It was enlightning to me.

    2. That´s a nice defense of the Farnsworth house and makes it more convincing. One one level I can accept this and see it in a different light. On another level, the building launched a lot of bad ideas. It ought to have been called “pavilion” – to my knowledege in all the things I´ve read it´s a “house”.

    3. Not to overdo the architecture discussion here, but its a building with an odd history. Mies and Dr. Farnsworth had a falling out (no more sleeping together either) and she got mad and sued him for “an unlivable house”. The suit was going badly for Mies, and would have had enormous repercussions if she had one. Oddly. Adlai Stevenson (then governor of Illinois, and later candidate for President) pulled out a book from his shelves, and in it was a letter from Dr. Farnsworth noting how pleased she was (at the time) Mies was building her a pavilion. I think the reference was in French, where the meaning is more ambiguous, but the mere word in the letter served to end the suit, and the rest is… history.

    4. To my eyes the Edith Farnsworth House (it has recently been renamed) is a reduction of a Greek temple and not so much a pavilion. One of my teachers at my architecture school criticized the Edith Farnsworth House for not being quite minimal enough as the size of the columns was chosen on esthetic grounds and they are bigger than they need to be.

      The Edit Farnsworth House and Philip Johnson’s Glass House are fundamentally different from another. The first has a classical symmetrical layout of bathroom and kitchen core, while the Glass House has more of the idea of a continuous space with the different elements placed in them in a freer way. Furthermore the relationship to the landscape is entirely different where Mies van der Rohe treated the house as a platform for viewing the landscape as a vista, the Glass House is directly anchored into the landscape. The last significant difference is the treatment of the columns: they are accentuated in the Edith Farnsworth House, making it temple-like. Johnson suppressed the importance of the columns instead.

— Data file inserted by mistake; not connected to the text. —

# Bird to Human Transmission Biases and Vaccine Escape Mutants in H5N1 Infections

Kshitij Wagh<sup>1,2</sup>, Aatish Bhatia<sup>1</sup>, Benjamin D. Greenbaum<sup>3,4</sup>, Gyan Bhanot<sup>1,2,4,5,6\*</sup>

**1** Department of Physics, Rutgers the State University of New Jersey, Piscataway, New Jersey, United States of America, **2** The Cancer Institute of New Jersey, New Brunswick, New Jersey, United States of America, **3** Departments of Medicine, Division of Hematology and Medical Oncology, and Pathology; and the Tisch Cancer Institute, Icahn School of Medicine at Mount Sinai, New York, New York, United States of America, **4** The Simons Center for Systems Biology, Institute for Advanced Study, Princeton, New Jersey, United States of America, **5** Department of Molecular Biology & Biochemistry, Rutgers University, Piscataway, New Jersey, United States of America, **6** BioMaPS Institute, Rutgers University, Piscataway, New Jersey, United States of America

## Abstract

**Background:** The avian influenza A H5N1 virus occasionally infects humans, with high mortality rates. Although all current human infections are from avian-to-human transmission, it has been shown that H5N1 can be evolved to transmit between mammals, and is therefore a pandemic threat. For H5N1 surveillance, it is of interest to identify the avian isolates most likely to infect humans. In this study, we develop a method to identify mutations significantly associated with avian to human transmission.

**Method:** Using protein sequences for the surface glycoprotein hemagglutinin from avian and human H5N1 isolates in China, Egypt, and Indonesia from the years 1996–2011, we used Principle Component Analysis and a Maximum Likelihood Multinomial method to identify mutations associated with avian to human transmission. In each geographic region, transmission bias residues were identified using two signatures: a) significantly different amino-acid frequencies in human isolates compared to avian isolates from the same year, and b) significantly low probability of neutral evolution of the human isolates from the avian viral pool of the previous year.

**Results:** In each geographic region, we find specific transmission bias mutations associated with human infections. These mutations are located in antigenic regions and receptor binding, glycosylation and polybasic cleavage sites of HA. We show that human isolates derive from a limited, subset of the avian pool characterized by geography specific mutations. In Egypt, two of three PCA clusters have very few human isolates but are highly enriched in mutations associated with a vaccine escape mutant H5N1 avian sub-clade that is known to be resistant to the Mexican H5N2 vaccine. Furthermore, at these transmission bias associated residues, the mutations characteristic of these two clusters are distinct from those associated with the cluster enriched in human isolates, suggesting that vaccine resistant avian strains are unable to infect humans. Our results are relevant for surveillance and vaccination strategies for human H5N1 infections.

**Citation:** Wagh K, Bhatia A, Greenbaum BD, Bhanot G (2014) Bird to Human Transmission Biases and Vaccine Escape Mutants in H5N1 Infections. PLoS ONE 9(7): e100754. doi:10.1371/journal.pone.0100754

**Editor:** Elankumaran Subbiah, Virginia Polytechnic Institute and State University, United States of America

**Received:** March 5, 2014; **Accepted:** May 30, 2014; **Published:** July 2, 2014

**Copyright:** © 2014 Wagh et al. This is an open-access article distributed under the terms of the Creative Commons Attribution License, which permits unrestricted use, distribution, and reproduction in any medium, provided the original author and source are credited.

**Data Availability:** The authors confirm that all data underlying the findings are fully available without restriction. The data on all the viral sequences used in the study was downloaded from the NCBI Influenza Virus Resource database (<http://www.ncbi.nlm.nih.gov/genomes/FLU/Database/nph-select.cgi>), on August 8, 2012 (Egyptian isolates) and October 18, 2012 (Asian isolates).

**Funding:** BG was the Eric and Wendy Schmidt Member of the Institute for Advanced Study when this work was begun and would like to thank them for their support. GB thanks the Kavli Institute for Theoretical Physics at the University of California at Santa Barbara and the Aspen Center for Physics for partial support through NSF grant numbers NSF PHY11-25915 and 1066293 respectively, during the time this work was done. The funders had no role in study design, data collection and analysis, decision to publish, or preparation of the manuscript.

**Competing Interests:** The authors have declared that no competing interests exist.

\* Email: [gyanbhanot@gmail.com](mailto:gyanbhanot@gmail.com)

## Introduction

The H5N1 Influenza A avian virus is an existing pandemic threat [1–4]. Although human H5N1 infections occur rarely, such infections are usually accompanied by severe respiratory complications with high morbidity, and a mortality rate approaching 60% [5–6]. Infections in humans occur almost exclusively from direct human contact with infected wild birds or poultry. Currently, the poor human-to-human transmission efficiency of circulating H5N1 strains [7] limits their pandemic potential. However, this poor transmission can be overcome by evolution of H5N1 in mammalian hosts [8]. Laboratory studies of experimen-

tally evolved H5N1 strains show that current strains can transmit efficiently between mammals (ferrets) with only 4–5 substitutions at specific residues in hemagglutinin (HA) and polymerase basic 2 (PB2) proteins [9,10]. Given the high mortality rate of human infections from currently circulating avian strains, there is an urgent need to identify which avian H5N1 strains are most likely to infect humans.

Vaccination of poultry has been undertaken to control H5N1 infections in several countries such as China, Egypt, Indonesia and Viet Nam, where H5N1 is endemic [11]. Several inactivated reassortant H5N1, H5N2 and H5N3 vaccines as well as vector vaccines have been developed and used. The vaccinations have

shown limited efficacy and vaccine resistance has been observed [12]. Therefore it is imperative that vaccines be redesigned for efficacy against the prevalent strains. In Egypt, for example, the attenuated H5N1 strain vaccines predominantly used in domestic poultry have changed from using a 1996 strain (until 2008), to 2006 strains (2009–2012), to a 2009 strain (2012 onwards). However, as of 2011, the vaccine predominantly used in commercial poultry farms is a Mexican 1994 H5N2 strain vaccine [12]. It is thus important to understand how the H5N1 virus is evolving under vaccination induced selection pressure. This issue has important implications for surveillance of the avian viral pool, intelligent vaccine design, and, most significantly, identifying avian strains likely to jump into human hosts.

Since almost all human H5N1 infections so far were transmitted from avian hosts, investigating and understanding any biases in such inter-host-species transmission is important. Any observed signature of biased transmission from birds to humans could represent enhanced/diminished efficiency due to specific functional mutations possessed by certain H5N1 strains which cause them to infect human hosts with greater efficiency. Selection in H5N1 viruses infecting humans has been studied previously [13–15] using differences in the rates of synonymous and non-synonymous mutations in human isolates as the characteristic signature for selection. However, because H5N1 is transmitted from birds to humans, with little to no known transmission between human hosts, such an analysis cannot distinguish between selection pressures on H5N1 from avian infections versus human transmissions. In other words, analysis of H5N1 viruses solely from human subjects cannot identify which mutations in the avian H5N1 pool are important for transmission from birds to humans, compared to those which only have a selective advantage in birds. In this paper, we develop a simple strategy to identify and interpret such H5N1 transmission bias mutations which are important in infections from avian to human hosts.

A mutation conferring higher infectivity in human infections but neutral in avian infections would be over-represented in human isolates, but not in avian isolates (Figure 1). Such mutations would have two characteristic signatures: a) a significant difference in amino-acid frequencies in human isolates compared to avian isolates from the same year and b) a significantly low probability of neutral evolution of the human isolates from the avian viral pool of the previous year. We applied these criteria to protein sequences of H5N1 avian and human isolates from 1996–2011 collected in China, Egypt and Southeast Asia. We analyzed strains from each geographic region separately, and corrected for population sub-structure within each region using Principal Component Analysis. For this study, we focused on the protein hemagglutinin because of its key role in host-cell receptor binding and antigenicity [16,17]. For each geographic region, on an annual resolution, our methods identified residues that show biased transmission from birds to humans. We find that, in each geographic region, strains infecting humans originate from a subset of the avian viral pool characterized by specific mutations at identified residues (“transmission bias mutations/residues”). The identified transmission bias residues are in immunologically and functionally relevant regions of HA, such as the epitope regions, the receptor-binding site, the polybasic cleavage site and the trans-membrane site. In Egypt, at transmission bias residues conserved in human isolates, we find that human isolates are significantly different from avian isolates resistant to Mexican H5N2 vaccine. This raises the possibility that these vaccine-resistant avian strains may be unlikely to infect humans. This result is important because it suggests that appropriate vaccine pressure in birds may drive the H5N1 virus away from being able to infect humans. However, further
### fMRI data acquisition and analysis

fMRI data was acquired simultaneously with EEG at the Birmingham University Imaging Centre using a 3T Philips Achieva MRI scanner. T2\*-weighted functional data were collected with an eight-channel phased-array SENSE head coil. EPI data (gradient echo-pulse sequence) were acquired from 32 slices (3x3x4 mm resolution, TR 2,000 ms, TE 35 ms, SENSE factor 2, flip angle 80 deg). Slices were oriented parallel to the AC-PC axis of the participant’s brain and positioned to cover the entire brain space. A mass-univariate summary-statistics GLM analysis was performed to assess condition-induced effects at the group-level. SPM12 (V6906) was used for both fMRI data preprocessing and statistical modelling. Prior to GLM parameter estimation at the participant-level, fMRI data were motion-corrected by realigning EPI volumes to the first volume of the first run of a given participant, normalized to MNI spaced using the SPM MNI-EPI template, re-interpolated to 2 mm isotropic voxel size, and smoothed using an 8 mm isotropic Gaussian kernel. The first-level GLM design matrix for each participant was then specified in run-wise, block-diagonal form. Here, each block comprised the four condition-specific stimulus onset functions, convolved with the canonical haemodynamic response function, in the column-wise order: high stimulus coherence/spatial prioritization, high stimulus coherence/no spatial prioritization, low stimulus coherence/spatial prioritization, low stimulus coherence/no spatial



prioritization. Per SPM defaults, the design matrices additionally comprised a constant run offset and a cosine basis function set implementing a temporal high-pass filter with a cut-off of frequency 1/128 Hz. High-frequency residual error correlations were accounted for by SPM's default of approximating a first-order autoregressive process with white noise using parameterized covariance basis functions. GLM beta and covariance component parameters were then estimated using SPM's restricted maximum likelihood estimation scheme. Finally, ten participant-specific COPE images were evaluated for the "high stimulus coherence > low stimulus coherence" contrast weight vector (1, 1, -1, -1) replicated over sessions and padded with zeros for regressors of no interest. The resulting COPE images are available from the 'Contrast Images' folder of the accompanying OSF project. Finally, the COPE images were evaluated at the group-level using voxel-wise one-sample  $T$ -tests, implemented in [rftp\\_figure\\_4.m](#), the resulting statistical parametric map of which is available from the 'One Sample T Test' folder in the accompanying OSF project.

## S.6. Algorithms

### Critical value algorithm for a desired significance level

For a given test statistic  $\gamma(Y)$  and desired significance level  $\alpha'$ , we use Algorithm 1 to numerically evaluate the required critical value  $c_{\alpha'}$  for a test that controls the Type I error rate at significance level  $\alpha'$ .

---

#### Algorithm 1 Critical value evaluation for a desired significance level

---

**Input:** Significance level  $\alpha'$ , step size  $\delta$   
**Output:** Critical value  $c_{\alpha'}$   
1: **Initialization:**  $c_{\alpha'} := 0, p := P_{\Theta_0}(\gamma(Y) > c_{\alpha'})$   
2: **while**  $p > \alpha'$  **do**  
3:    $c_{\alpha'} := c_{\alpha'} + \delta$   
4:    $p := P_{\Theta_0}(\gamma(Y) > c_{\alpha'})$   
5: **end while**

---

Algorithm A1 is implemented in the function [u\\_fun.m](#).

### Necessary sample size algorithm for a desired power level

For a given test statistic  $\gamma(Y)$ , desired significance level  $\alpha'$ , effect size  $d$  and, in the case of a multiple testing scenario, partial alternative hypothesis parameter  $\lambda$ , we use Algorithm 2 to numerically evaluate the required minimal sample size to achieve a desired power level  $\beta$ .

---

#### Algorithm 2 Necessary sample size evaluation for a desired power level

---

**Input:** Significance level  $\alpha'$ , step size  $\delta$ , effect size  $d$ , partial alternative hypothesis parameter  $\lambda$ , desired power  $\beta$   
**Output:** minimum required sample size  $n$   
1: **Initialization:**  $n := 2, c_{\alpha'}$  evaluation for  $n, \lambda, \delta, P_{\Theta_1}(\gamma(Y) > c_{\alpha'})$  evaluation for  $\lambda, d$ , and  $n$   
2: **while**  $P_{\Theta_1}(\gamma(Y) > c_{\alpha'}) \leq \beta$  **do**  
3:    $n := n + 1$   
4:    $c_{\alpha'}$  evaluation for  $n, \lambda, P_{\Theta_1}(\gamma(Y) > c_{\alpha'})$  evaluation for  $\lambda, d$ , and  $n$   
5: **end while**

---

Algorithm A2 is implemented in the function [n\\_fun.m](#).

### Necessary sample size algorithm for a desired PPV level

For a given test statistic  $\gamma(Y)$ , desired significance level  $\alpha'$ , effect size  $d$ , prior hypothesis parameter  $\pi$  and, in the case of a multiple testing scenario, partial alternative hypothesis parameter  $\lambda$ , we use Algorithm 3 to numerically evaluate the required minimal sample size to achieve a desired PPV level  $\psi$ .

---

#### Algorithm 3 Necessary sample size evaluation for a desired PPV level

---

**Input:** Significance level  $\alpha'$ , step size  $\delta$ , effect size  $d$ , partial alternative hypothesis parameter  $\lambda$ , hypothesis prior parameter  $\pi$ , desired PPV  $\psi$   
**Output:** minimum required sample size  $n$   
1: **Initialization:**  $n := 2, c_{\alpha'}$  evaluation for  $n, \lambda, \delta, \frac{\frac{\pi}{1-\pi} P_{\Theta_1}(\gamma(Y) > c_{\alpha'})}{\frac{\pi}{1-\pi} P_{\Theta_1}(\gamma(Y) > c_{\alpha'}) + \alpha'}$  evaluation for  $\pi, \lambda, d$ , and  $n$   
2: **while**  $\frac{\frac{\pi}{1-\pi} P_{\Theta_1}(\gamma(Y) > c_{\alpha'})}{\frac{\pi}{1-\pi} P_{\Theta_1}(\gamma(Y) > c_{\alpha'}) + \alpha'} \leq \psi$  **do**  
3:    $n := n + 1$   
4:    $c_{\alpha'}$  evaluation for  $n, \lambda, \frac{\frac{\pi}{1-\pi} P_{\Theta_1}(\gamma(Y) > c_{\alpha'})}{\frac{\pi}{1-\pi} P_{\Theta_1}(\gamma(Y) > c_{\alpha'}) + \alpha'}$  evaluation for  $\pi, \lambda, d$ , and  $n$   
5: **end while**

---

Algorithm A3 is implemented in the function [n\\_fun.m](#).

I think Richard’s claim that a single building launched a host of bad ideas is a bold one. I don’t think a single building is responsible for that.

  12. Agree it’s nice, neat and attractive. At the time, in the context of what else was around in the coupe segment, it was also generic, safe and slightly sanitised. It kind of looks like the love-child of the original RX-7 and a Porsche 924 – not a bad thing, but not very original. Now, its predecessor (as exhibited by Daniel) was different gravy …

  13. I´m loving this conversation.
    And I am willing to reply tomorrow (when everybody will be reading tomorrow´s post 🙂

    But for now, I´ll just say DTW is the best piece of automotive reading I´ve ever come across. I read you every breakfast since before the pandemic began and I am truly addicted to it.

    I had never said that. Well, it´s said

  14. Even though its styling is rather plain at the front on top of at times rough and messy to my eyes at the rear, still like the styling and chrome-less look of the 200SX (and other derivatives) more so the Nissan SilEighty / Sil80 up to the S15.